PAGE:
Researchers have identified two subgroups of adolescents who self-harm and have shown that it is possible to predict those individuals at greatest risk almost a decade before they begin self-harming.
The team, based at the MRC Cognition and Brain Sciences Unit, University of Cambridge, found that while sleep problems and low self-esteem were common risk factors, there were two distinct profiles of young people who self-harm — one with emotional and behavioral difficulties and a second group without those difficulties, but with different risk factors.
Between one in five and one in seven adolescents in England self-harms, for example by deliberately cutting themselves. While self-harm is a significant risk factor for subsequent suicide attempts, many do not intend suicide but face other harmful outcomes, including repeatedly self-harming, poor mental health, and risky behaviors like substance abuse. Despite its prevalence and lifelong consequences, there has been little progress in the accurate prediction of self-harm.
The Cambridge team identified adolescents who reported self-harm at age 14, from a nationally representative UK birth cohort of approximately 11,000 individuals. They then used a machine learning analysis to identify whether there were distinct profiles of young people who self-harm, with different emotional and behavioral characteristics. They used this information to identify risk factors from early and middle childhood. The results are published in the Journal of the American Academy of Child and Adolescent Psychiatry.
Because the data tracked the participants over time, the researchers were able to distinguish factors that appear alongside reported self-harm behavior, such as low self-esteem, from those that precede it, such as bullying.
The team identified two distinct subgroups among young people who self-harm, with significant risk factors present as early as age five, nearly a decade before they reported self-harming. While both groups were likely to experience sleep difficulties and low self-esteem reported at age 14, other risk factors differed between the two groups.
The first group showed a long history of poor mental health, as well as bullying before they self-harmed. Their caregivers were more likely to have mental health issues of their own.
For the second group, however, their self-harming behavior was harder to predict early in childhood. One of the key signs was a greater willingness to take part in risk-taking behavior, which is linked to impulsivity. Other research suggests these tendencies may predispose the individual towards spending less time to consider alternate coping methods and the consequences of self-harm. Factors related to their relationships with their peers were also important for this subgroup, including feeling less secure with friends and family at age 14 and a greater concern about the feelings of others as a risk factor at age 11.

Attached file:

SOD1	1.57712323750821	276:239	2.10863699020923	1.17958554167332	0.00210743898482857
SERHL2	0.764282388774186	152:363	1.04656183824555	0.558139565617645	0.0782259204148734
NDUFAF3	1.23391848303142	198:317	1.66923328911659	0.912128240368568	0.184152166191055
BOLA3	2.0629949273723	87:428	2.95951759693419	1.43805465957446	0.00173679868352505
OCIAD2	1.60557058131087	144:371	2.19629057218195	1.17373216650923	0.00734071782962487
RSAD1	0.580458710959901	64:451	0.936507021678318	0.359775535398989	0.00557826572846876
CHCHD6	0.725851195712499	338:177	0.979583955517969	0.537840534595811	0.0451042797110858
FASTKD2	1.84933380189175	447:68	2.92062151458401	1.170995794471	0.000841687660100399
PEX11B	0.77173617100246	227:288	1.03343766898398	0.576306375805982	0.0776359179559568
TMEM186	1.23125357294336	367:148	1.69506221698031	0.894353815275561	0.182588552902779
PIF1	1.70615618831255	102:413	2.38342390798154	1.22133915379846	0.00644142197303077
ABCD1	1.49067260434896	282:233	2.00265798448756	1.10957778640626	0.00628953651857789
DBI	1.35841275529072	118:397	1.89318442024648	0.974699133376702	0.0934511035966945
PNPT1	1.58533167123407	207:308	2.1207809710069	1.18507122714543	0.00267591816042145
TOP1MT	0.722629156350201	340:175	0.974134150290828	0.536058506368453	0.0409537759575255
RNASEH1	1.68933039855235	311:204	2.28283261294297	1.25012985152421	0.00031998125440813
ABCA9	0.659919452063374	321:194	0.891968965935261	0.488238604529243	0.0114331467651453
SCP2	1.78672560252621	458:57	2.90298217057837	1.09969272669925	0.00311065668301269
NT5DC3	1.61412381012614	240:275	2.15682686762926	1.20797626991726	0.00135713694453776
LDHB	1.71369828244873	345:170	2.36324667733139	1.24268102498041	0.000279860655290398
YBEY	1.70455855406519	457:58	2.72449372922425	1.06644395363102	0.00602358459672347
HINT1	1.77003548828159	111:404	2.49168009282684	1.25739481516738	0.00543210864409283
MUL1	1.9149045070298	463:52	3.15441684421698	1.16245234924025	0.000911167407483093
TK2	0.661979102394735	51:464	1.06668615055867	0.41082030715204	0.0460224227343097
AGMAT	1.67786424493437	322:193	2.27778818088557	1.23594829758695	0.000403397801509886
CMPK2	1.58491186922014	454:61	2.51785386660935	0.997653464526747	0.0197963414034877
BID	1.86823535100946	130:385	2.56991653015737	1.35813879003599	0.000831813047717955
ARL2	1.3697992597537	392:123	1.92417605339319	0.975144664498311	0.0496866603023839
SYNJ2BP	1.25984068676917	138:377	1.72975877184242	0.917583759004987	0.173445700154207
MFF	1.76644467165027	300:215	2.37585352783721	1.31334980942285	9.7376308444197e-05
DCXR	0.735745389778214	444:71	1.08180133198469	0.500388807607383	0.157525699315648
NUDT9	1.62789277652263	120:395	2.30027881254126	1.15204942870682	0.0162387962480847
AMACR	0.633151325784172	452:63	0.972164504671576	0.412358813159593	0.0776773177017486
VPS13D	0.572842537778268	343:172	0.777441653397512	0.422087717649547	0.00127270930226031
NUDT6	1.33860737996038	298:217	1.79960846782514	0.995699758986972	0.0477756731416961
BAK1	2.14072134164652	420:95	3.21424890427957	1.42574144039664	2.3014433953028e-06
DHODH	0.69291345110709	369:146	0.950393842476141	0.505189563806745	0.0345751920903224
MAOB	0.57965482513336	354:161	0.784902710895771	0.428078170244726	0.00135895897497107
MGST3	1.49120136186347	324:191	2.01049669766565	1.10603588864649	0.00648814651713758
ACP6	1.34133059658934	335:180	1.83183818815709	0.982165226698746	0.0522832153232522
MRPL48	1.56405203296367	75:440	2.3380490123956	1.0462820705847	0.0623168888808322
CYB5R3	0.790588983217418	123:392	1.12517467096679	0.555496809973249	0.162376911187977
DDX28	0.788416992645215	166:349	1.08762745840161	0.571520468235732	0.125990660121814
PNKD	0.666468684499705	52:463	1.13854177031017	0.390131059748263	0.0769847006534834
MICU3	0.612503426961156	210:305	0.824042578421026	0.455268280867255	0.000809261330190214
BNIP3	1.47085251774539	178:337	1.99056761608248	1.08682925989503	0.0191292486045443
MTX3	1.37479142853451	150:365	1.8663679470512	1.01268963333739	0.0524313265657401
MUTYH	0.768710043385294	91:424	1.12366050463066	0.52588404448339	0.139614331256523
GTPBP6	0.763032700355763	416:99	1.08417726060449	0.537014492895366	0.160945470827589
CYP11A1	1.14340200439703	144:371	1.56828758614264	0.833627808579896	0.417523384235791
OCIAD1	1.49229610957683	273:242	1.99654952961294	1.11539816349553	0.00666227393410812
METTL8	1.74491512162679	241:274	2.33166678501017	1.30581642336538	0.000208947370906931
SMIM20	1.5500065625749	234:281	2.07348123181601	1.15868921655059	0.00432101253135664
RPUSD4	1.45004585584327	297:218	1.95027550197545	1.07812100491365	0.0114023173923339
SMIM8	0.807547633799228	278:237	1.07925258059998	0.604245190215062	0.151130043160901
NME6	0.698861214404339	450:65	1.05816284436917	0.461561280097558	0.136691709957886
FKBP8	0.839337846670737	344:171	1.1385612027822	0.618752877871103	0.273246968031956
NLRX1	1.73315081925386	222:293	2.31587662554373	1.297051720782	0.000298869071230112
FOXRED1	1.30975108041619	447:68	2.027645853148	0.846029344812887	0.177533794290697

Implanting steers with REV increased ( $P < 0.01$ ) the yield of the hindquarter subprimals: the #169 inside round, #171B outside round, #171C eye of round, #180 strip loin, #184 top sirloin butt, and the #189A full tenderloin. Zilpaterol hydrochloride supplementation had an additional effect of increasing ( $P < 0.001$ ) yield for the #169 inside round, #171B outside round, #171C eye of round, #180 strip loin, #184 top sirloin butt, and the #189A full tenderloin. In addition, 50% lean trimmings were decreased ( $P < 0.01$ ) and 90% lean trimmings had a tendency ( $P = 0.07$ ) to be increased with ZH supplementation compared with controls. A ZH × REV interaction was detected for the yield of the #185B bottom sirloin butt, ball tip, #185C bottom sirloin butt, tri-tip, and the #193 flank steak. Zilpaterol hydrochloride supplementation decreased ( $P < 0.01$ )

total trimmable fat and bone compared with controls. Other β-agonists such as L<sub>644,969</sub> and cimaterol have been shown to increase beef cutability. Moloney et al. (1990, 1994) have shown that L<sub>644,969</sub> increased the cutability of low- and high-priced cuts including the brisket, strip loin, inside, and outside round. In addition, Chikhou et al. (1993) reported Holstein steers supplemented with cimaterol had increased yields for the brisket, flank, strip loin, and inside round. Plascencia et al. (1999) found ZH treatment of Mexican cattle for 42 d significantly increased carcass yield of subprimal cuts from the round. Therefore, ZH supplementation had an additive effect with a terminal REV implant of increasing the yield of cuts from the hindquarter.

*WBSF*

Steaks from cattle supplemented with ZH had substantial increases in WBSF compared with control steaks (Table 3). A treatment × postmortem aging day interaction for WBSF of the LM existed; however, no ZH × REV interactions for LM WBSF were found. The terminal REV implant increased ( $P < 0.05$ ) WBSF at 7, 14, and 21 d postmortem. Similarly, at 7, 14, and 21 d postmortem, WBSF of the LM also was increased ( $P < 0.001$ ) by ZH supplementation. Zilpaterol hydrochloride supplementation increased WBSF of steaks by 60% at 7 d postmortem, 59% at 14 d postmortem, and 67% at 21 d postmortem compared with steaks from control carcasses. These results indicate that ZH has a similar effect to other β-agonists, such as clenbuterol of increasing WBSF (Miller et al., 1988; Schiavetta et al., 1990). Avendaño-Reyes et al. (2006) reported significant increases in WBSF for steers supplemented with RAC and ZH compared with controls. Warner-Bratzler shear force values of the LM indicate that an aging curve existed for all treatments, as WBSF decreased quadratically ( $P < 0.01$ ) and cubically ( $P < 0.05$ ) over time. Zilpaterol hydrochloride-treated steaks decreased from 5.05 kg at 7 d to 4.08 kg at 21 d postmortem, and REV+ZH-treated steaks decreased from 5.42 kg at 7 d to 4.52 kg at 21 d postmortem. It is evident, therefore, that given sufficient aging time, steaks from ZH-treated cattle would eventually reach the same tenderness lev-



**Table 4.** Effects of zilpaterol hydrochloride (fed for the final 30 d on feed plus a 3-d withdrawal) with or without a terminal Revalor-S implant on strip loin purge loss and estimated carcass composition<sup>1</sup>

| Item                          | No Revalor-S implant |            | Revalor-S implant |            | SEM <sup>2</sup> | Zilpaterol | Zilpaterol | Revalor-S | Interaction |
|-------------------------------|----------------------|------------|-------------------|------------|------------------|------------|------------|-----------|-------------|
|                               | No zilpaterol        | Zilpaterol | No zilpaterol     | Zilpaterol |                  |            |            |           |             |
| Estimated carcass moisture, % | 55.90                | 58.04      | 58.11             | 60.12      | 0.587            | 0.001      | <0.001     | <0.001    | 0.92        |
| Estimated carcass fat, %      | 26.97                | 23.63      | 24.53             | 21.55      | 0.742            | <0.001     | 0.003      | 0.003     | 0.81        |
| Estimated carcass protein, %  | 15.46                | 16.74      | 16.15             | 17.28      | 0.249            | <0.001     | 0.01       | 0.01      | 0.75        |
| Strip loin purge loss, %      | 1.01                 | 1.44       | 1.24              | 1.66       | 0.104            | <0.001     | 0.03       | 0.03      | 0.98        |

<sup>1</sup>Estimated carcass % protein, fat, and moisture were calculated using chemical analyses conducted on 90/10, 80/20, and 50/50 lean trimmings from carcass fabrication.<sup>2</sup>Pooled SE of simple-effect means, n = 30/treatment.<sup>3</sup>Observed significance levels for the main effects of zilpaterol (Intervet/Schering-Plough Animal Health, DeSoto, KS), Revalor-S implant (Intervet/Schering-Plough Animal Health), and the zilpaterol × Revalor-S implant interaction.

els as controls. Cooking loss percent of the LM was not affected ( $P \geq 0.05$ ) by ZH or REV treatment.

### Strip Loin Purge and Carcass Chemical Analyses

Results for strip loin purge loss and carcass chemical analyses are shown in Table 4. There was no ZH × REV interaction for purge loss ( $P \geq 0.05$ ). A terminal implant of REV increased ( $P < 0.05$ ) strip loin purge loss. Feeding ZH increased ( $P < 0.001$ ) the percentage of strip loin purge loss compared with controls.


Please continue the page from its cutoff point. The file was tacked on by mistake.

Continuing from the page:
Stepheni Uh, a Gates Cambridge Scholar and first author of the study, said: “Self-harm is a significant problem among adolescents, so it’s vital that we understand the nuanced nature of self-harm, especially in terms of the different profiles of young people who self-harm and their potentially different risk factors.
“We found two distinct subgroups of young people who self-harm. The first was much as expected—young people who experience symptoms of depression and low self-esteem, face problems with their families and friends, and are bullied. The second, much larger group was much more surprising as they don’t show the usual traits that are associated with those who self-harm.”
The researchers say that their findings suggest that it may be possible to predict which individuals are most at risk of self-harm up to a decade ahead of time, providing a window to intervene.
Dr. Duncan Astle said: “The current approach to supporting mental health in young people is to wait until problems escalate. Instead, we need a much better evidence base so we can identify who is at most risk of mental health difficulties in the future, and why. This offers us the opportunity to be proactive, and minimize difficulties before they start.
“Our results suggest that boosting younger children’s self-esteem, making sure that schools implement anti-bullying measures, and providing advice on sleep training, could all help reduce self-harm levels years later.
“Our research gives us potential ways of helping this newly-identified second subgroup. Given that they experience difficulties with their peers and are more willing to engage in risky behaviors, then providing access to self-help and problem-solving or conflict regulation programs may be effective.”
Professor Tamsin Ford from the Department of Psychiatry added: “We might also help at-risk adolescents by targeting interventions at mental health leaders and school-based mental health teams. Teachers are often the first people to hear about self-harm but some lack confidence in how to respond. Providing them with training could make a big difference.”